Angiotensin causes blood vessels to constrict, and drives blood pressure up. It is part of the renin-angiotensin system, which is a major target for drugs that lower blood pressure. Angiotensin also creates aldosterone, which causes the tubules of the kidneys to retain sodium and water, which also drives blood pressure up.
Angiotensin is an oligopeptide in the
bloodthat causes vasoconstriction, increased blood pressure, and release of aldosteronefrom the adrenal cortex. It is a hormoneand a powerful dipsogen. It is derived from the precursor molecule angiotensinogen, a serum globulin produced in the liver. It plays an important role in the renin-angiotensin system. Angiotensin was independently isolated in Indianapolis and Argentina in the late 1930s (as 'Angiotonin' and 'Hypertensin' respectively) and subsequently characterised and synthesized by groups at the Cleveland Clinicand Cibalaboratories in Basel, Switzerland. [cite journal |author=Basso N, Terragno NA |title=History about the discovery of the renin-angiotensin system |journal=Hypertension |volume=38 |issue=6 |pages=1246–9 |year=2001 |month=December |pmid=11751697 |doi= |url=http://hyper.ahajournals.org/cgi/pmidlookup?view=long&pmid=11751697]
Precursor, and types of angiotensin
Angiotensinogen is an α-2-globulin that is produced constitutively and released into the circulation mainly by the liver.It is a member of the
serpinfamily, although it is not known to inhibit other enzymes, unlike most serpins. Plasma angiotensinogen levels are increased by plasma corticosteroid, estrogen, thyroid hormone, and angiotensin II levels.
Angiotensinogen is also known as renin substrate.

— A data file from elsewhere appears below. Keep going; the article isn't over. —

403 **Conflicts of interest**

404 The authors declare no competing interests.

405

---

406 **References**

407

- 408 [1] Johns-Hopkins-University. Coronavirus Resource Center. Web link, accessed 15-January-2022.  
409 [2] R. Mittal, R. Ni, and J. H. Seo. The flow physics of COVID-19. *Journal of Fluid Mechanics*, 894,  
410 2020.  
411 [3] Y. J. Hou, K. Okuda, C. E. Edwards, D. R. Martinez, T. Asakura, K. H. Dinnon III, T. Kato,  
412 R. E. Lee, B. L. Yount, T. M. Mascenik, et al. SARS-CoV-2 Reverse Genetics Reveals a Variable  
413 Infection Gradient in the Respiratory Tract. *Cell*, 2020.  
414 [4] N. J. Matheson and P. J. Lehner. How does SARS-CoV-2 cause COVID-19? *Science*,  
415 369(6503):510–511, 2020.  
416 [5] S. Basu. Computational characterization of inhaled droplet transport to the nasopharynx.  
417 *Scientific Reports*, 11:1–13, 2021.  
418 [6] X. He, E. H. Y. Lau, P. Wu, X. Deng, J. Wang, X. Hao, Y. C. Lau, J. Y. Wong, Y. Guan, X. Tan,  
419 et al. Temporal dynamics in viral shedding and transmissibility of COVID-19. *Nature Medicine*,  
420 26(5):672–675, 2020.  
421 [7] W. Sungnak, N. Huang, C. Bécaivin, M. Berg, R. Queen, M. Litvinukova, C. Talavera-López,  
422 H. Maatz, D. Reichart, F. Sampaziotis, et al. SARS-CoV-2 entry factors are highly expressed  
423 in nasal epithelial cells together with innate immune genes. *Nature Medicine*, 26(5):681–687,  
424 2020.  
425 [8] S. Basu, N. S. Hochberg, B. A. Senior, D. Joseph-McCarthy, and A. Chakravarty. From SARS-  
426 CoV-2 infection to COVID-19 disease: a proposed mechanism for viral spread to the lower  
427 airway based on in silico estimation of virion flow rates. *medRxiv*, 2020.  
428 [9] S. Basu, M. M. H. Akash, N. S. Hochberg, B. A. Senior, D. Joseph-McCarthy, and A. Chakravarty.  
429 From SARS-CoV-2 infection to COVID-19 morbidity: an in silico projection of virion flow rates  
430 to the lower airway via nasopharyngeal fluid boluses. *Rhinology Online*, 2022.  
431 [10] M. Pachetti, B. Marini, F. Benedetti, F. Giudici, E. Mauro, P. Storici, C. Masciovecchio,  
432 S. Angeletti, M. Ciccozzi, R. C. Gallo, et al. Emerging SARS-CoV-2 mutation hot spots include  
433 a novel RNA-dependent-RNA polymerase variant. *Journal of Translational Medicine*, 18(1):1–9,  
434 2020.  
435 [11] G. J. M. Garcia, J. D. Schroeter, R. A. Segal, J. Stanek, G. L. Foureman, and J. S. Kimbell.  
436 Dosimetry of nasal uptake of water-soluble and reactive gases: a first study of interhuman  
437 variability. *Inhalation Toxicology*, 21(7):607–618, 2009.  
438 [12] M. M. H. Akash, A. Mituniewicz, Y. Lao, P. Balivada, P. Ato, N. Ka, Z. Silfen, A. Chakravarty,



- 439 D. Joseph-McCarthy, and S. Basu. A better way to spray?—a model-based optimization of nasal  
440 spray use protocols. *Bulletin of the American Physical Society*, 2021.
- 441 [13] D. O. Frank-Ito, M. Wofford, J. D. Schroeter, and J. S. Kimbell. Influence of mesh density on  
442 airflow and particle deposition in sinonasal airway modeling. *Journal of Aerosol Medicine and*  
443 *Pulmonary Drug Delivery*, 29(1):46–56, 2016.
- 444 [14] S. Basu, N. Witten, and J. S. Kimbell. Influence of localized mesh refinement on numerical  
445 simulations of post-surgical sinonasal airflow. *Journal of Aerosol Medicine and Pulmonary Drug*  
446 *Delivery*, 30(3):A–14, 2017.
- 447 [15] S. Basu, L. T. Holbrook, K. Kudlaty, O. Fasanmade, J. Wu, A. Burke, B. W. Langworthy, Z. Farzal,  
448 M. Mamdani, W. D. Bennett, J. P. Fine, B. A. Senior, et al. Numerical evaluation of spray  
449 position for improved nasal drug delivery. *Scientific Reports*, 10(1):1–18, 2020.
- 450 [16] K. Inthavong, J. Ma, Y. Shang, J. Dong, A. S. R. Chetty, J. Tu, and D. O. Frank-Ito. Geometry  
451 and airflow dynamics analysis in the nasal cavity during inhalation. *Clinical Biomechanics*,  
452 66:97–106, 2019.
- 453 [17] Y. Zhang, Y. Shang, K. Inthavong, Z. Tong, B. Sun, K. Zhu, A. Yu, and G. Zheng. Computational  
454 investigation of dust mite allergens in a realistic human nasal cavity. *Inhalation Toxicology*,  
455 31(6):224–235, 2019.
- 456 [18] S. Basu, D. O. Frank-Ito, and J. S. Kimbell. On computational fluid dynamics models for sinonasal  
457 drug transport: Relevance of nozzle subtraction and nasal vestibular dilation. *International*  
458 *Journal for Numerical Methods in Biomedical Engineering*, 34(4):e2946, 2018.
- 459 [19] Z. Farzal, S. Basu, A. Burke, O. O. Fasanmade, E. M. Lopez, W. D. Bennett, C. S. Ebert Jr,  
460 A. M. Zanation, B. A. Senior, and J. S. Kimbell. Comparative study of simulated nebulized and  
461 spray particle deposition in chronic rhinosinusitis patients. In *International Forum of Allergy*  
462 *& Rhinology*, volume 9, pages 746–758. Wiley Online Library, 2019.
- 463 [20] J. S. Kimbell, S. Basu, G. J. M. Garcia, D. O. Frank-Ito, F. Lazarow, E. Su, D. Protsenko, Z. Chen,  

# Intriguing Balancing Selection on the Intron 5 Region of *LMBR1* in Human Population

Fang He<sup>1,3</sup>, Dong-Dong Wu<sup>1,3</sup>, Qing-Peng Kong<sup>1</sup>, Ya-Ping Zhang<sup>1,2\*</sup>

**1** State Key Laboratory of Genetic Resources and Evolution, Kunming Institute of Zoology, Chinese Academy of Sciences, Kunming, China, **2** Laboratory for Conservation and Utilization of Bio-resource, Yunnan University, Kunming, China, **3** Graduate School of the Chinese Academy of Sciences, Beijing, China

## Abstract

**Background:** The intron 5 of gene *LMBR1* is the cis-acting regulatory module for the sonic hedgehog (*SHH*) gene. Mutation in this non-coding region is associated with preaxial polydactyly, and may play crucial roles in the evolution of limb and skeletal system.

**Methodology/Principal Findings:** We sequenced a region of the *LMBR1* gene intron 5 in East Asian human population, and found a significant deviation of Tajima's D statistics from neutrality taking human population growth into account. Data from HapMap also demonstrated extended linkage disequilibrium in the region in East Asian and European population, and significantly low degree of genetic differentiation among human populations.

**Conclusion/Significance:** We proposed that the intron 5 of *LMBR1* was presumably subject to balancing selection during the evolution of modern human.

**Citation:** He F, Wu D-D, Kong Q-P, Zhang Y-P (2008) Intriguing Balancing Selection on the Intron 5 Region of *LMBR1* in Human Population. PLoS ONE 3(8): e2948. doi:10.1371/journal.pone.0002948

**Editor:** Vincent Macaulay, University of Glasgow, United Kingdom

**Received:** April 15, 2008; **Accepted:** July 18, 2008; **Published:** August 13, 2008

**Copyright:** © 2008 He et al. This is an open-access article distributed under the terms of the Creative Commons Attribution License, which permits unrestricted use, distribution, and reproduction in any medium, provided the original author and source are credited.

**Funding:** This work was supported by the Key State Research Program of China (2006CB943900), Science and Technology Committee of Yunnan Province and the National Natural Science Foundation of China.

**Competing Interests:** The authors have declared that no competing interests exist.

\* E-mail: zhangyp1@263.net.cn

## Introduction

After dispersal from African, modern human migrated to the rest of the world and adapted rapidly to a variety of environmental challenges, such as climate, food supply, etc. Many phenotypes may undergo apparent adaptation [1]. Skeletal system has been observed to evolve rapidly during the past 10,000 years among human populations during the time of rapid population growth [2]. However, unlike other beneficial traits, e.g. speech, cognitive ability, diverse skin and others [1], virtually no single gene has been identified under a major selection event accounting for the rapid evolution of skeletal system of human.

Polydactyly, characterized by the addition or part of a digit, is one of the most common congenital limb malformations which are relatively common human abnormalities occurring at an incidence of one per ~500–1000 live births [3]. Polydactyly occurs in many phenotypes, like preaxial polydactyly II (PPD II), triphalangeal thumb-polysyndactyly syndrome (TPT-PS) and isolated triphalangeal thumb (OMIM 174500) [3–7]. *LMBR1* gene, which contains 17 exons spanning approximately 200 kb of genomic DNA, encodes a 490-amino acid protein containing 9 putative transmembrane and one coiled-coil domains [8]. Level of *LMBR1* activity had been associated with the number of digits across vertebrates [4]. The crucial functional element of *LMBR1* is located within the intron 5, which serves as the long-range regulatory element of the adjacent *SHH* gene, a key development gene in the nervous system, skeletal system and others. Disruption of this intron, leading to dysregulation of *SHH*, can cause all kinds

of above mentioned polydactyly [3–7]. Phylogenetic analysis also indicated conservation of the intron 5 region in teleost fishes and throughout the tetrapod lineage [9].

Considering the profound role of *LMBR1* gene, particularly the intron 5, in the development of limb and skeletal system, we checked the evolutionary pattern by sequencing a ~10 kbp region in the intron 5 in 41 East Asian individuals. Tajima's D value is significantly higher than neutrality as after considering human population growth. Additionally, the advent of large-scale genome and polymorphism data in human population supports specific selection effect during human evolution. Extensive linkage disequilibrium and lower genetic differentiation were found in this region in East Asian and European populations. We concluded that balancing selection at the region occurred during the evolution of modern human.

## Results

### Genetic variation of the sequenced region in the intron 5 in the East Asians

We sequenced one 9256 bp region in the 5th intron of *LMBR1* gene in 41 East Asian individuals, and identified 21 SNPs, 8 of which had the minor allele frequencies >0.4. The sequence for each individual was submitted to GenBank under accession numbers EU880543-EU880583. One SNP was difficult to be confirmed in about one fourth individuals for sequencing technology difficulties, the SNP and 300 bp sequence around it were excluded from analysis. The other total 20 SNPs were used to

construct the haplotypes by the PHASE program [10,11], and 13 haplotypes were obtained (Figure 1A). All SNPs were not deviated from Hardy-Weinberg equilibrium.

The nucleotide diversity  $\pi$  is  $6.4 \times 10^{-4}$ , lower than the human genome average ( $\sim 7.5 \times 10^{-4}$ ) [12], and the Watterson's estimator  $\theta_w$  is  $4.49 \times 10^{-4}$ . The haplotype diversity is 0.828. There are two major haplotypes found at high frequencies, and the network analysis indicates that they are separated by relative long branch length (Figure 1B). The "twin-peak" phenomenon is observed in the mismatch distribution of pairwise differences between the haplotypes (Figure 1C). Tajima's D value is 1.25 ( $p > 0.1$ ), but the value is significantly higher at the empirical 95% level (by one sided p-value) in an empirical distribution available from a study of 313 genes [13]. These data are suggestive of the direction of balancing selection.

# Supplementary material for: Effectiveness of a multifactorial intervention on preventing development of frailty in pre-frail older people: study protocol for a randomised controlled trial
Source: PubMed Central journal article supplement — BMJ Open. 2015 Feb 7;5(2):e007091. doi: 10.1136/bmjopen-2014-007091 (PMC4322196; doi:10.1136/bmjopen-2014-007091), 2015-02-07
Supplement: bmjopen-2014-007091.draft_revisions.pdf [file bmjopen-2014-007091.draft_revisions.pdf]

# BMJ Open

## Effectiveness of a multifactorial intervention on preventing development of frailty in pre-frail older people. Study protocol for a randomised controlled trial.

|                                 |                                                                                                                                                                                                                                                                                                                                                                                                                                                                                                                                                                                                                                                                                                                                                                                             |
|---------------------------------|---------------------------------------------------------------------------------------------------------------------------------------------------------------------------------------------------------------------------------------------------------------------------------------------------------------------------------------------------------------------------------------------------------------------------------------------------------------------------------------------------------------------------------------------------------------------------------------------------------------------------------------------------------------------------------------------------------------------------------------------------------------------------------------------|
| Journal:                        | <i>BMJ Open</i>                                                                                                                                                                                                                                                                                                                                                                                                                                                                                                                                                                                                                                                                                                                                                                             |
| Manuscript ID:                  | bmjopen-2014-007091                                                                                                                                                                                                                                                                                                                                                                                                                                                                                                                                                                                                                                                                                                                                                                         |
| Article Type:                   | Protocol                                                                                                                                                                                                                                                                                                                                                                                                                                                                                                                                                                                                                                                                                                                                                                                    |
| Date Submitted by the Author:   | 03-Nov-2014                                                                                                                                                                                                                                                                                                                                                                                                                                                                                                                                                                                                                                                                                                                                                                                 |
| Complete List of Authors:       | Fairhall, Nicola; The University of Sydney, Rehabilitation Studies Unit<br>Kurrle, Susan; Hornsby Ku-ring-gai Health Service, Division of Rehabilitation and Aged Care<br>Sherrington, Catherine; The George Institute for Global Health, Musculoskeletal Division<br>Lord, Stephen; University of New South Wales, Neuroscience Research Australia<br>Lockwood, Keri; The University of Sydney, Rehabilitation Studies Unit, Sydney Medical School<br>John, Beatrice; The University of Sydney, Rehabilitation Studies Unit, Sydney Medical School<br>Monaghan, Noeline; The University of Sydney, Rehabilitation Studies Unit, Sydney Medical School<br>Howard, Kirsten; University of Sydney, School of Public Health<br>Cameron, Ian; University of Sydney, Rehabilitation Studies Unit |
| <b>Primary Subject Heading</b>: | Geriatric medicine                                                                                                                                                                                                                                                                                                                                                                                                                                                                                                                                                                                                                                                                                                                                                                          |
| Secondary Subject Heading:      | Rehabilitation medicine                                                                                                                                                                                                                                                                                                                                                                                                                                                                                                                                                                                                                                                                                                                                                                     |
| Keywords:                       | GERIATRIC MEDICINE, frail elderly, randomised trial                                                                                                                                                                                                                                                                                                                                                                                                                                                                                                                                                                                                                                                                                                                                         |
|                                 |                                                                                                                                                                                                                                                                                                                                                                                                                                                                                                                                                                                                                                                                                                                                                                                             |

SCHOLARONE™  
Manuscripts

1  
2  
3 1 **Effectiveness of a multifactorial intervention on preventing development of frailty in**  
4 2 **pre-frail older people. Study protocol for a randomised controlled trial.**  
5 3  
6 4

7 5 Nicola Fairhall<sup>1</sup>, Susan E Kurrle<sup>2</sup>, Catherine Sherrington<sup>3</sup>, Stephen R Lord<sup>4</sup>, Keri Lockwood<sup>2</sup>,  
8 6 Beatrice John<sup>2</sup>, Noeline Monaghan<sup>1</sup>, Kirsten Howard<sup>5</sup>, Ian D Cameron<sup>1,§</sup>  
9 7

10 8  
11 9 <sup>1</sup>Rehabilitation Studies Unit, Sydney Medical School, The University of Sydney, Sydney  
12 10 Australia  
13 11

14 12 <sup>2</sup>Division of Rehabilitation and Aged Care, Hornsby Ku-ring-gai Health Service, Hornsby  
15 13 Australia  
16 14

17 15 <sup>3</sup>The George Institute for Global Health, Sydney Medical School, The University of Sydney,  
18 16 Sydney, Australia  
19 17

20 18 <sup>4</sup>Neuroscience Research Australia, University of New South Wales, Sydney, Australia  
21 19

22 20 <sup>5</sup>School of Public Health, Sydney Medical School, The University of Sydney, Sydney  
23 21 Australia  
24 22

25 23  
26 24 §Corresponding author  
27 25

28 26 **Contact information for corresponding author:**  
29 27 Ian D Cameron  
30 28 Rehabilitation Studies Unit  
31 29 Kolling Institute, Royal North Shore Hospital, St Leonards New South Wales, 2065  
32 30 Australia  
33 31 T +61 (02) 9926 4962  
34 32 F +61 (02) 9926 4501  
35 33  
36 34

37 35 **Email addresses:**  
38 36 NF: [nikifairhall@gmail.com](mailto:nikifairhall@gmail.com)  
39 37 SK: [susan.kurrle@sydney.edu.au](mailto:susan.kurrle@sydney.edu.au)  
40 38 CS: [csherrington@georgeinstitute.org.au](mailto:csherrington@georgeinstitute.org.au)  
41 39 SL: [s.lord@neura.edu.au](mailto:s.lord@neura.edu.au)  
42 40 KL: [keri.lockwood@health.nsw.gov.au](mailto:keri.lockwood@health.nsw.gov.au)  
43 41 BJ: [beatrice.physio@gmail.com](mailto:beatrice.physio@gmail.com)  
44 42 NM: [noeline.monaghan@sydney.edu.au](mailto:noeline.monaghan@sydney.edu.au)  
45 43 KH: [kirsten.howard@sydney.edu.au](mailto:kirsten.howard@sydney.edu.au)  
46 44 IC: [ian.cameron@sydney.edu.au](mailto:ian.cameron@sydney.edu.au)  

Human angiotensinogen is 118 amino acids long, but other species have angiotensinogen of varying sizes [ [http://www.ncbi.nlm.nih.gov NCBI HomePage ] ]
Angiotensin I (CAS# 11128-99-7) is formed by the action of
reninon angiotensinogen. Renin is produced in the kidneys in response to both decreased intra-renal blood pressure at the juxtaglomerular cells, or decreased delivery of Na+ and Cl- to the macula densa. If more Na+ is sensed, renin release is decreased.
Renin cleaves the
peptide bondbetween the leucine(Leu) and valine(Val) residues on angiotensinogen, creating the ten amino acidpeptide (des-Asp) angiotensin I (CAS# 9041-90-1).
Angiotensin I appears to have no biological activity and exists solely as a precursor to angiotensin 2.
Asp-Arg-Val-Tyr-Ile-His-Pro-Phe | His-Leu
Angiotensin I is converted to angiotensin II through removal of two terminal residues by the enzyme "
Angiotensin-converting enzyme" (ACE, or "kinase"), which is found predominantly in the capillaries of the lung. [GeorgiaPhysiology|7/7ch09/7ch09p16] ACE is actually found all over the body, but has its highest density in the lung due to the high density of capillary beds there. Angiotensin II acts as an endocrine, autocrine/ paracrine, and intracrinehormone.
ACE is a target for inactivation by
ACE inhibitordrugs, which decrease the rate of angiotensin II production. Angiotensin II increases blood pressure by stimulating the Gq protein in vascular smooth muscle cells (which in turn activates contraction by an IP3-dependent mechanism). ACE inhibitordrugs are major drugs against hypertension.